In the early 90’s I was having lunch with a friend and mentor Alex Caillet and I asked him what one book would make the biggest difference for me and he recommended Meg Wheatley’s Leadership and The New Science.  One of the things I had noticed working with clients is that they were desperate for answers.  The right answers.  Of course, as a coach, it was not my job to be the truth dispenser with all of the right answers.  But I did feel an obligation to help clients articulate a set of internal values that they could use to make decisions no matter what the situation.  But I was still at a loss for a set of Universal Laws that were consistent, were not beholden to any particular world view or religious law.  I kept coming back to quantum physics – there had been a recent splash in the news about complexity theory and I had been noodling on how to apply those laws to regular life and work for my clients.  Well – Meg beat me to it, and what an amazing job she did.  Her breakthrough book made a huge impact on me and in the business world at the time, but as happens with many great books, it has fallen out of circulation.  I say, it is time to bring it back.  Some of the earth shaking concepts:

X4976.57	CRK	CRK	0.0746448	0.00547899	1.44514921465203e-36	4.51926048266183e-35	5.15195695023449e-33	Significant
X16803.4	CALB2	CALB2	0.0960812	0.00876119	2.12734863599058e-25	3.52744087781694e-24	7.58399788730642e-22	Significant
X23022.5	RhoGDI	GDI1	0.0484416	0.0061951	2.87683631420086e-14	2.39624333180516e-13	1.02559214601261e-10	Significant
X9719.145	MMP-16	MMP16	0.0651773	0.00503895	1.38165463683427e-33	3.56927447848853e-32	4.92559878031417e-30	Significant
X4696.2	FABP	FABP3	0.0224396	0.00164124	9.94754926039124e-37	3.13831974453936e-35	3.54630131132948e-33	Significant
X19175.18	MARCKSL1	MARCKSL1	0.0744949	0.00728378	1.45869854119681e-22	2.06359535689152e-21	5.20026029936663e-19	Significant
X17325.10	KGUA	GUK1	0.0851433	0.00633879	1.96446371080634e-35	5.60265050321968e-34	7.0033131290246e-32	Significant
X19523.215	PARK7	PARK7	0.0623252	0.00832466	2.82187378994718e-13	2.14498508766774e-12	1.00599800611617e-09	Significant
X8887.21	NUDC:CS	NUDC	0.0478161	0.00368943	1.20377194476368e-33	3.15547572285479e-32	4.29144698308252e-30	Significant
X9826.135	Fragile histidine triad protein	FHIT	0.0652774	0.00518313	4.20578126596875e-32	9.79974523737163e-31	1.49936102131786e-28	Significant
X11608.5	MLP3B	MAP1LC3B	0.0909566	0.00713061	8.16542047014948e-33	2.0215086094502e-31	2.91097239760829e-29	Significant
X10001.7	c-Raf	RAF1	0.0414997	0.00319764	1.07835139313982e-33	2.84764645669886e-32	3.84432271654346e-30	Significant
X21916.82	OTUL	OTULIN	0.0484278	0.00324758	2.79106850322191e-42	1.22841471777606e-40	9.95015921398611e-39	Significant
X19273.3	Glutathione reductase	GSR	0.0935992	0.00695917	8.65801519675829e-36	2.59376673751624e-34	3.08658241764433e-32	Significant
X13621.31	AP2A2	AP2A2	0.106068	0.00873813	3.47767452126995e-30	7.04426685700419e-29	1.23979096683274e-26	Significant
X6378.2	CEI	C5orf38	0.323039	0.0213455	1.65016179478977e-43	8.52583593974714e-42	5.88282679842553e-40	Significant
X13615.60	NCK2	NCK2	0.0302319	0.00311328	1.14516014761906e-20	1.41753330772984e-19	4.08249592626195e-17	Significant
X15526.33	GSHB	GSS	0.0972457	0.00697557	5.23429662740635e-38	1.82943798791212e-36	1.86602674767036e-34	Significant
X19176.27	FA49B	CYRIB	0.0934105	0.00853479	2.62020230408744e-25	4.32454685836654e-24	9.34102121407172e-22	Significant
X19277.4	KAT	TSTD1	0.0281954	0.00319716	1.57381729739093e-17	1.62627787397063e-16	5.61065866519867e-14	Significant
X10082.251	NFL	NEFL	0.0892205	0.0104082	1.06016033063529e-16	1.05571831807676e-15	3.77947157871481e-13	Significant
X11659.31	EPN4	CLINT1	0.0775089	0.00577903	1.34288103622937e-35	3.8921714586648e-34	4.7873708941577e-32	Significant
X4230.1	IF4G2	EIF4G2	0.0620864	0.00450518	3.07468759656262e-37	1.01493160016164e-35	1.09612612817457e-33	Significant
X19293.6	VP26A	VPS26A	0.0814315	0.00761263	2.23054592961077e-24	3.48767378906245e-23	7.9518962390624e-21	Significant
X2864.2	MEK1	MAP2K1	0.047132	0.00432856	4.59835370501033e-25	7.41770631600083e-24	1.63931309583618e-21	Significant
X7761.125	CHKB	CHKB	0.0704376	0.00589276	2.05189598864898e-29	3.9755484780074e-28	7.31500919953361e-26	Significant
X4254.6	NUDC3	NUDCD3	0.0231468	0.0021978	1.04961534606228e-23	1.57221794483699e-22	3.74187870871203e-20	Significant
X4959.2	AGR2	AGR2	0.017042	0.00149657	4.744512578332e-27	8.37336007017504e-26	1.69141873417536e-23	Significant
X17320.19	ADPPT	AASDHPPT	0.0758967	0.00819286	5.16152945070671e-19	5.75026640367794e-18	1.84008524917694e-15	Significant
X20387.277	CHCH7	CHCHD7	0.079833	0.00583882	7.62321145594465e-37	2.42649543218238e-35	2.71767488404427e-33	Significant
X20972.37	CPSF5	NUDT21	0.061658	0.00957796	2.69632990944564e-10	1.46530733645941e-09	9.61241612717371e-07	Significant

• Order will naturally emerge out of chaos.  You have to be patient and order will come naturally from within.  Good leaders accept occasional chaos as a revitalizing and renewing step.
  • Relationships are the only things that matter- it is critical to develop a diversity of relationships.
  • Information is the organizing force in the universe; it is the life blood of any system.  If it is not flowing freely, the system will not self organize properly.
  • Vision is an invisible field and it is the leader’s job to hold this field.

Is that all?  Isn’t that enough?  Going back to re-read this book to create this blog post, it has once again rocked my world. 

Click here for a terrific, oldie but goodie interview with Meg Wheatley

PS I think it is important to give credit to whomever introduces us to great books.  The person who introduced me to the Angeles Arrien book mentioned in the previous post is an old, dear friend Belle Linda Halpern, founding partner of The Ariel Group.

What Neuroscience Can Teach Leaders About Feedback

Feedback:  The never ending mystery! Here is yet another installment in the series on what we have to learn about Leadership from the study of neuroscience.

Feedback: